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Oceania Lay Partnership Conference

19/07/2010: Australia

From 4-7 July, 35 Lay Marists representing a cross section of Marist activities and enterprises in Oceania, gathered in Brisbane for the Oceania Lay Partnership Conference. The participants were from the Provinces of Melbourne, New Zealand and Sydney and the District of Melanesia and the proceedings were guided by the Chair of the Oceania Partnership Commission, Alan Parker, Director of Champagnat Partnership in New Zealand.

Two representatives of the Extended Bureau of the Laity within the General Administration – Tony Clarke from the Marist Ministries Office (Sydney) and Ana Sarrate, a primary teacher from the Brothers School in Pamplona (Spain) also attended as part of their roles in the Bureau. Commencing in September, Tony and Ana, together with Br Javier Espinosa, have been appointed co-Directors of the Bureau.

It was originally planned that the conference would be held in 2009 but was postponed due to the outbreak of the H1N1 flu virus in the region at that time.

The Conference is part of a suite of regional activities where participants from the four Administrative Units are coming together over the next few months to discern the way forward for Brothers and Lay Marists in the period leading up to the concurrent Chapters of the Provinces to be held at Sydney in December. Already the Regional Assembly has been held in May and other Assemblies of a Province or District nature are being planned.

The Marist region of Oceania is unique in many ways especially in geography and number of countries represented. Geographically it is widespread (there is over 3000 km between the two Marist communities at either extremity of the region, Perth and Kiribati. It would take eight hours of flying time to go between them. It is when the participants from each of the Administrative Units sit down together under their national flags that one realises the cultural richness and diversity in the group and the need to respect the histories and traditions of the members. In the conference room there were 15 flags representing the countries and cultural traditions in the Administrative Units in Oceania where the Marists have schools or missions. Can you name the 15 flags? (See overleaf for answer).

The Conference was opened by Br Julian Casey (Provincial of Melbourne) representing the College of Major Superiors (the three Provincials and the District Leader) who would be acting as an observer. He focused on four questions:
• How do Lay Marists see their mission?
• How do Lay Marists see their commitment to a Marist life and mission?
• How are we to describe the spirituality of the Lay Marist?
• What are Lay Marists actually looking for?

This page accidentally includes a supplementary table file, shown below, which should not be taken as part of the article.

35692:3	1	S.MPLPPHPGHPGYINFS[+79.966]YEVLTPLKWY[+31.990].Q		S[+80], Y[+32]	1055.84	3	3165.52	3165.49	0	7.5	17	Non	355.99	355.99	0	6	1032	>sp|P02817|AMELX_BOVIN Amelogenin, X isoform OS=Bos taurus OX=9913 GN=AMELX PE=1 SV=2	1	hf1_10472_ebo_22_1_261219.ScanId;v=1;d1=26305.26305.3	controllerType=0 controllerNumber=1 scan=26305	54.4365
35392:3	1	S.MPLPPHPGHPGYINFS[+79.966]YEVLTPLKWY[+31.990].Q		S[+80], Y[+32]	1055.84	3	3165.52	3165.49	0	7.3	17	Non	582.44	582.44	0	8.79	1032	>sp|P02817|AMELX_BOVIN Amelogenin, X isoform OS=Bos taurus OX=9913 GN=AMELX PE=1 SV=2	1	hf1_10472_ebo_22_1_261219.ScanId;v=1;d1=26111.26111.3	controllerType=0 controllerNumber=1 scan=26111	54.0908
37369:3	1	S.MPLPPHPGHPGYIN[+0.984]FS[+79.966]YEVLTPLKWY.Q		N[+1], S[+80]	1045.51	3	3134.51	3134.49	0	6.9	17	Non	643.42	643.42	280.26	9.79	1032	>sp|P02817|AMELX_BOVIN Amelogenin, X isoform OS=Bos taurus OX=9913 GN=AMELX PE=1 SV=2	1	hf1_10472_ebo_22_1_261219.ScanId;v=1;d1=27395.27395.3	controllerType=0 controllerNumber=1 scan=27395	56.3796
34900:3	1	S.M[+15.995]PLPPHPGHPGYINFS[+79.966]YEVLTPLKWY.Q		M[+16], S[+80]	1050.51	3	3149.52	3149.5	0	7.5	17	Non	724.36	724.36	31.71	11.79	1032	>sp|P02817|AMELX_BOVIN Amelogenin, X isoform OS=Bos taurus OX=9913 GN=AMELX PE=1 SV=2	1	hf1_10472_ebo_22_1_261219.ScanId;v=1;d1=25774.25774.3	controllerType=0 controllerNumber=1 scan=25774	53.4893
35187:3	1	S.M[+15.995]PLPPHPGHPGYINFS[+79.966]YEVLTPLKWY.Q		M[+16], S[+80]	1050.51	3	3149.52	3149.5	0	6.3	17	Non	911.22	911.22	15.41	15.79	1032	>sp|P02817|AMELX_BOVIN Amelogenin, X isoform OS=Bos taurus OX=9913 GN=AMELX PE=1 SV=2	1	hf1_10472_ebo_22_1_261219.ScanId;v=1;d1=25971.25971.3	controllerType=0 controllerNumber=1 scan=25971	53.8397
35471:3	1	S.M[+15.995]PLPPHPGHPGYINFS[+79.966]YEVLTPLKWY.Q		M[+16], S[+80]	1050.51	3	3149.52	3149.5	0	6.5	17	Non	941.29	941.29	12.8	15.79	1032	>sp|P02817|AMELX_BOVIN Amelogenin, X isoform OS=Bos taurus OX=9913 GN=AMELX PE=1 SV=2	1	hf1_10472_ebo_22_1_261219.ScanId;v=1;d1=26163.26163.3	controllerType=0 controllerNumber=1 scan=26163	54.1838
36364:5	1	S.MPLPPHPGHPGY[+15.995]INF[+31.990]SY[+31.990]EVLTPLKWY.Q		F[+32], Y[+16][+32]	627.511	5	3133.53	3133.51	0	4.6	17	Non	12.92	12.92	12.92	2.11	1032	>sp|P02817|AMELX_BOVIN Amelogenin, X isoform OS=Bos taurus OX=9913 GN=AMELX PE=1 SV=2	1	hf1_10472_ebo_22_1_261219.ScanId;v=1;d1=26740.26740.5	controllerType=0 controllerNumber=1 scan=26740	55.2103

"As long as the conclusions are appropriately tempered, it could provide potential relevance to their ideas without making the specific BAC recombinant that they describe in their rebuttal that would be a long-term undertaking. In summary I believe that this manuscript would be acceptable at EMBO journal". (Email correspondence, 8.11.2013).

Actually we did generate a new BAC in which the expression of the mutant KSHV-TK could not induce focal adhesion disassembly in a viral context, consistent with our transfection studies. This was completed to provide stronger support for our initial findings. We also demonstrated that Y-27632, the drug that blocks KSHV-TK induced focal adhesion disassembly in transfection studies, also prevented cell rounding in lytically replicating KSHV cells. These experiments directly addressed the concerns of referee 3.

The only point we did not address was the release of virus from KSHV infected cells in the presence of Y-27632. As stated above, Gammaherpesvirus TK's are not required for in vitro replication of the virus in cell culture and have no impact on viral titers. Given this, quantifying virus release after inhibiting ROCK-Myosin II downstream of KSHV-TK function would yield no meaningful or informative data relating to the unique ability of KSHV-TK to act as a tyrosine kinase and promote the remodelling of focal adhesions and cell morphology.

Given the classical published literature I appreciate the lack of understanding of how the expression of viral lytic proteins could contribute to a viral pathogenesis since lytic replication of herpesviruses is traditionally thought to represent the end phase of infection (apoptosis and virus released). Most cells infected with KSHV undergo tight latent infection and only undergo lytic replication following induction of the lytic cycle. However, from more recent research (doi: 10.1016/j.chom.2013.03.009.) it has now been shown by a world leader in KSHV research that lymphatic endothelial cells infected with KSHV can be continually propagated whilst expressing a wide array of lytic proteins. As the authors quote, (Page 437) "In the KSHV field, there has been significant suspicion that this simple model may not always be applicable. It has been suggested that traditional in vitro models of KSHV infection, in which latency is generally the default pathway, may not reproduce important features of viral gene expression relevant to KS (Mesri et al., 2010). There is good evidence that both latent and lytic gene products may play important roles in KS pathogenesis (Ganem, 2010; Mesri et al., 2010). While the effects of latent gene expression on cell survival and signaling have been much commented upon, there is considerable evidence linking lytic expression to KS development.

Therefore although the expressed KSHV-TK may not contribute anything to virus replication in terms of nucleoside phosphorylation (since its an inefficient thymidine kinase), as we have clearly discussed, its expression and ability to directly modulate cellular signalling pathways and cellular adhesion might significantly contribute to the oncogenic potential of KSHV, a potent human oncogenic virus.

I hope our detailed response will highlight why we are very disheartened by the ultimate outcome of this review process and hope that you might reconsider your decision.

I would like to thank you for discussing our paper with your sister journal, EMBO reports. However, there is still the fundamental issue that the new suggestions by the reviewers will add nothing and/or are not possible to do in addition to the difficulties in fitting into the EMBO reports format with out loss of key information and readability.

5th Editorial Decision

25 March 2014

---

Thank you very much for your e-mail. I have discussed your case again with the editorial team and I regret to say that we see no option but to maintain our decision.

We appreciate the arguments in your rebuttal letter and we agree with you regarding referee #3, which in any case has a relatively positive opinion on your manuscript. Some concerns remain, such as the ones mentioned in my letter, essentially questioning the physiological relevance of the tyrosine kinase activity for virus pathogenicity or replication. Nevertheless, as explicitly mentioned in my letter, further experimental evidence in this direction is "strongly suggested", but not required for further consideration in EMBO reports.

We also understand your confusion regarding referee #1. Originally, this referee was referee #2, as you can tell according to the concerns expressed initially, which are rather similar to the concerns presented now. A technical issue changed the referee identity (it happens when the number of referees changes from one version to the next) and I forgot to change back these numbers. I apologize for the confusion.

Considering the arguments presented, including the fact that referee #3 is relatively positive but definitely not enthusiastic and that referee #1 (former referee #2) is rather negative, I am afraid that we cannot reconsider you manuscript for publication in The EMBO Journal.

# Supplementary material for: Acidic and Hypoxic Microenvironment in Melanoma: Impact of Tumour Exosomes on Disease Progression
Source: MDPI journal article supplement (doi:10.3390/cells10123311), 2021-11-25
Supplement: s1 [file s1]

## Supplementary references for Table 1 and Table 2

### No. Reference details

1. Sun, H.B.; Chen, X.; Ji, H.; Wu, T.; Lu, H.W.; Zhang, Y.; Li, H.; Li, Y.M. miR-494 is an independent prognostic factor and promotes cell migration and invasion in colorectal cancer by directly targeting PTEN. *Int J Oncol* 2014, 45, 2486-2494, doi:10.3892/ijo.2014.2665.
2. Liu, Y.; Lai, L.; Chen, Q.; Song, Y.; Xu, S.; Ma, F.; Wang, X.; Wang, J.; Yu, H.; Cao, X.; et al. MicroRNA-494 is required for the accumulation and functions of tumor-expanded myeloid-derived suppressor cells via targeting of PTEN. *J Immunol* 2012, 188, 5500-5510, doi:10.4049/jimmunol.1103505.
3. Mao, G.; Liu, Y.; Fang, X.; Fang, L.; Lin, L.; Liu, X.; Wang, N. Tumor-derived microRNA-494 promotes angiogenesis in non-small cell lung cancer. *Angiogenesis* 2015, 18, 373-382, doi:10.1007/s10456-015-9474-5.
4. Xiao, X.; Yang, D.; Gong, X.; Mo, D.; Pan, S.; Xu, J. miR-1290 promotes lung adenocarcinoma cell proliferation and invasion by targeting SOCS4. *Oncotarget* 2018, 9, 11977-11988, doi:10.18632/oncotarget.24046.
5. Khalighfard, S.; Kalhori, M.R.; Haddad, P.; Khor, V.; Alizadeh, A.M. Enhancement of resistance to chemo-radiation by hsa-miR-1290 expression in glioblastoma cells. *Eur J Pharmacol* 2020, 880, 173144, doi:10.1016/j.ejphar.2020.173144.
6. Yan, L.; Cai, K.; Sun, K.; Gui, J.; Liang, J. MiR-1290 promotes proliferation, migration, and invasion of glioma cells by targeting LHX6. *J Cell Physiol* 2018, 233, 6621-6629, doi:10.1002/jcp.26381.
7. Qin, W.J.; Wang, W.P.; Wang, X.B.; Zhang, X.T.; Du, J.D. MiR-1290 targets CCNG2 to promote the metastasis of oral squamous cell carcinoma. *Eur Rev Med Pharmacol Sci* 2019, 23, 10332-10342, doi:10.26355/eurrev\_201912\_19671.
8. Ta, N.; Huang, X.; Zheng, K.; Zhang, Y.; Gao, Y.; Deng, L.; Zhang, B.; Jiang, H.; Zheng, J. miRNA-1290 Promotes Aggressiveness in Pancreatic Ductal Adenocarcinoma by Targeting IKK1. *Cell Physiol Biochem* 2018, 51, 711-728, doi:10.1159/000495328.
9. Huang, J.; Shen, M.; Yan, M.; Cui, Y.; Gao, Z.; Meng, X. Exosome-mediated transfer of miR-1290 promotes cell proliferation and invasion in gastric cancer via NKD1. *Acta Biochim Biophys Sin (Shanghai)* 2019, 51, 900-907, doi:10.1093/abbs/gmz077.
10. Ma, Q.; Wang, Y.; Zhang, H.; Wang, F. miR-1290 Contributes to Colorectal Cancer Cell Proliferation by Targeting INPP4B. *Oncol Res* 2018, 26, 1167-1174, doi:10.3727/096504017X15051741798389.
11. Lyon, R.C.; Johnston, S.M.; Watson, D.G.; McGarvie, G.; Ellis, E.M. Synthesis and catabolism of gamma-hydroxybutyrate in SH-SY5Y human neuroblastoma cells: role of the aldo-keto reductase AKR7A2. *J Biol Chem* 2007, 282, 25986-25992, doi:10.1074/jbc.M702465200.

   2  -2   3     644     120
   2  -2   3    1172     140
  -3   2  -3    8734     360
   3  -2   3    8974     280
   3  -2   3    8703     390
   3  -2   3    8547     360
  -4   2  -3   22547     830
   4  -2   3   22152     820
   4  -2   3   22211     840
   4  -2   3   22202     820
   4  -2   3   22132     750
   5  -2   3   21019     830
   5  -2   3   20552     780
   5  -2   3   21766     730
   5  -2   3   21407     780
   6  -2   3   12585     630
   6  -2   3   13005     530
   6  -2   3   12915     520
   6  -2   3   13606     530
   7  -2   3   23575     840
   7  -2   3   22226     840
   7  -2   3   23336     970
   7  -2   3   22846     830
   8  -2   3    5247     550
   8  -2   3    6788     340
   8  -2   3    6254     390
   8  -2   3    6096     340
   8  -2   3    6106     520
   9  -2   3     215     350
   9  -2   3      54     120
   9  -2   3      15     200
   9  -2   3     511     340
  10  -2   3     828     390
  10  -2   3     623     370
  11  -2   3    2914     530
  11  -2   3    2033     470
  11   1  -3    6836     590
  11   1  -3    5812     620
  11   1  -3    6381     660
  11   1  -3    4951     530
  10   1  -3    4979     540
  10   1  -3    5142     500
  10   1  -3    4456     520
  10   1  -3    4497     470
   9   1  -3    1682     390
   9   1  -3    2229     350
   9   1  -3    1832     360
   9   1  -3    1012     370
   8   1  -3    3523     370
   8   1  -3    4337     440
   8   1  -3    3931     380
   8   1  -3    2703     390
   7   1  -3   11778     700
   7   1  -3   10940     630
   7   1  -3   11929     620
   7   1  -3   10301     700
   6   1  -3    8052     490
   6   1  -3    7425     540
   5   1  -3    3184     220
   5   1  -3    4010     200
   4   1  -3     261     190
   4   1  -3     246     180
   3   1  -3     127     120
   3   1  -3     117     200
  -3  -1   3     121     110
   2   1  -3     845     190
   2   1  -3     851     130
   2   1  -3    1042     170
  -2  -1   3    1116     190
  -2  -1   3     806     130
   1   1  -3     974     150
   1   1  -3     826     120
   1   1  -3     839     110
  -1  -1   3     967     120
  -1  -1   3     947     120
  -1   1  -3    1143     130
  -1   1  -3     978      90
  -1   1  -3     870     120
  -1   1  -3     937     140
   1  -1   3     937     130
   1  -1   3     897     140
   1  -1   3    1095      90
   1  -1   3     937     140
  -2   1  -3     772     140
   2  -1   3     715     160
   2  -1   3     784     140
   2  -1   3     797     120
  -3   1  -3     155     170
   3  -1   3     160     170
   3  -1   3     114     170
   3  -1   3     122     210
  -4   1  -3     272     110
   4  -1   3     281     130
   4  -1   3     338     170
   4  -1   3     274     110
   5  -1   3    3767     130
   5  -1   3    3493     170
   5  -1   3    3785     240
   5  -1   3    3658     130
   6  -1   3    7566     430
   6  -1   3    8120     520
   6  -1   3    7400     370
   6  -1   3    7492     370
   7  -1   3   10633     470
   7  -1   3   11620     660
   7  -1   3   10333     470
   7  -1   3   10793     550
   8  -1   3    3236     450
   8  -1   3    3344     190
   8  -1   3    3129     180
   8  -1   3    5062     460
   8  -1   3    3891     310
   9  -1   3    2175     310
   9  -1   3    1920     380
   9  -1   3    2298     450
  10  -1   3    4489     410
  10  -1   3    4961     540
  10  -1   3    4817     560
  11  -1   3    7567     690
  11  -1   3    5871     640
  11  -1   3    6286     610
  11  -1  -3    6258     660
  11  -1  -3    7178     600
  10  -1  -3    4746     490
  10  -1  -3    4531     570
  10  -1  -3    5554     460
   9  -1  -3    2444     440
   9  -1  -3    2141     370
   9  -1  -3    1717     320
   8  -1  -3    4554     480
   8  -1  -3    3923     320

To answer these questions, participants shared their stories and ministries representing all aspects of Marist life and mission as well as their personal vision of the Champagnat charism. Through this process, they gained a sense of what ‘Marist’ means to them, how they engage with Marist spirituality now and how they see it operating in the future.

The document, Gathered Around the Same Table: The Vocation of Champagnat’s Marist Laity, was the source of inspiration for the Conference.

Several participants had previously attended Marist formation experiences including the International Mission Assembly at Mendes (Brazil), the Joint Formation Experience at St Paul Trois Chateaux (France), and the General Chapter at the General House (Rome) and the Sydney Province’s Joint Formation Experience at Mittagong (Australia). They reported that these had been profound formation experiences and their stories enriched the conversations at this Conference.

The major outcomes of the conference were gathered together under the heading of Future Dreaming. Participants workshopped their responses under seven themes: Vocation, Mission, Sustaining the Charism, Formation, Shared Living (Community), Co-responsibility, and Diversity. The development of definitions and principles for these themes and establishing a set of desired actions for each was one of the major tasks of the Conference. These will be reported more fully in other publications.

Marie Dorrington, an educator from Adelaide with a Marist background, facilitated the proceedings and skilfully guided the participants to a consensus of the outcomes.

In summing up the Conference Br Julian said in his observations that the Conference will be a significant contribution to Marist life in Oceania and would be an encouragement for the participants to continue the discernment and dialogue when they returned home and across the region. Participants and the people who share the journey in taking the charism forward would be affirmed by this conference, he said.

It was a happy co-incidence that the Conference concluded on the celebration of the Solomon Islands Independence Day and also the Feast of Blessed To Rot, the PNG Martyr – important Oceania connections

[Aboriginal Australia, Australia, Bougainville, Cambodia, East Timor, Fiji, Kiribati, New Caledonia (France), New Zealand, Papua New Guinea, Philippines, Samoa, Solomon Islands, Torres Strait Islands, Vanuatu.]

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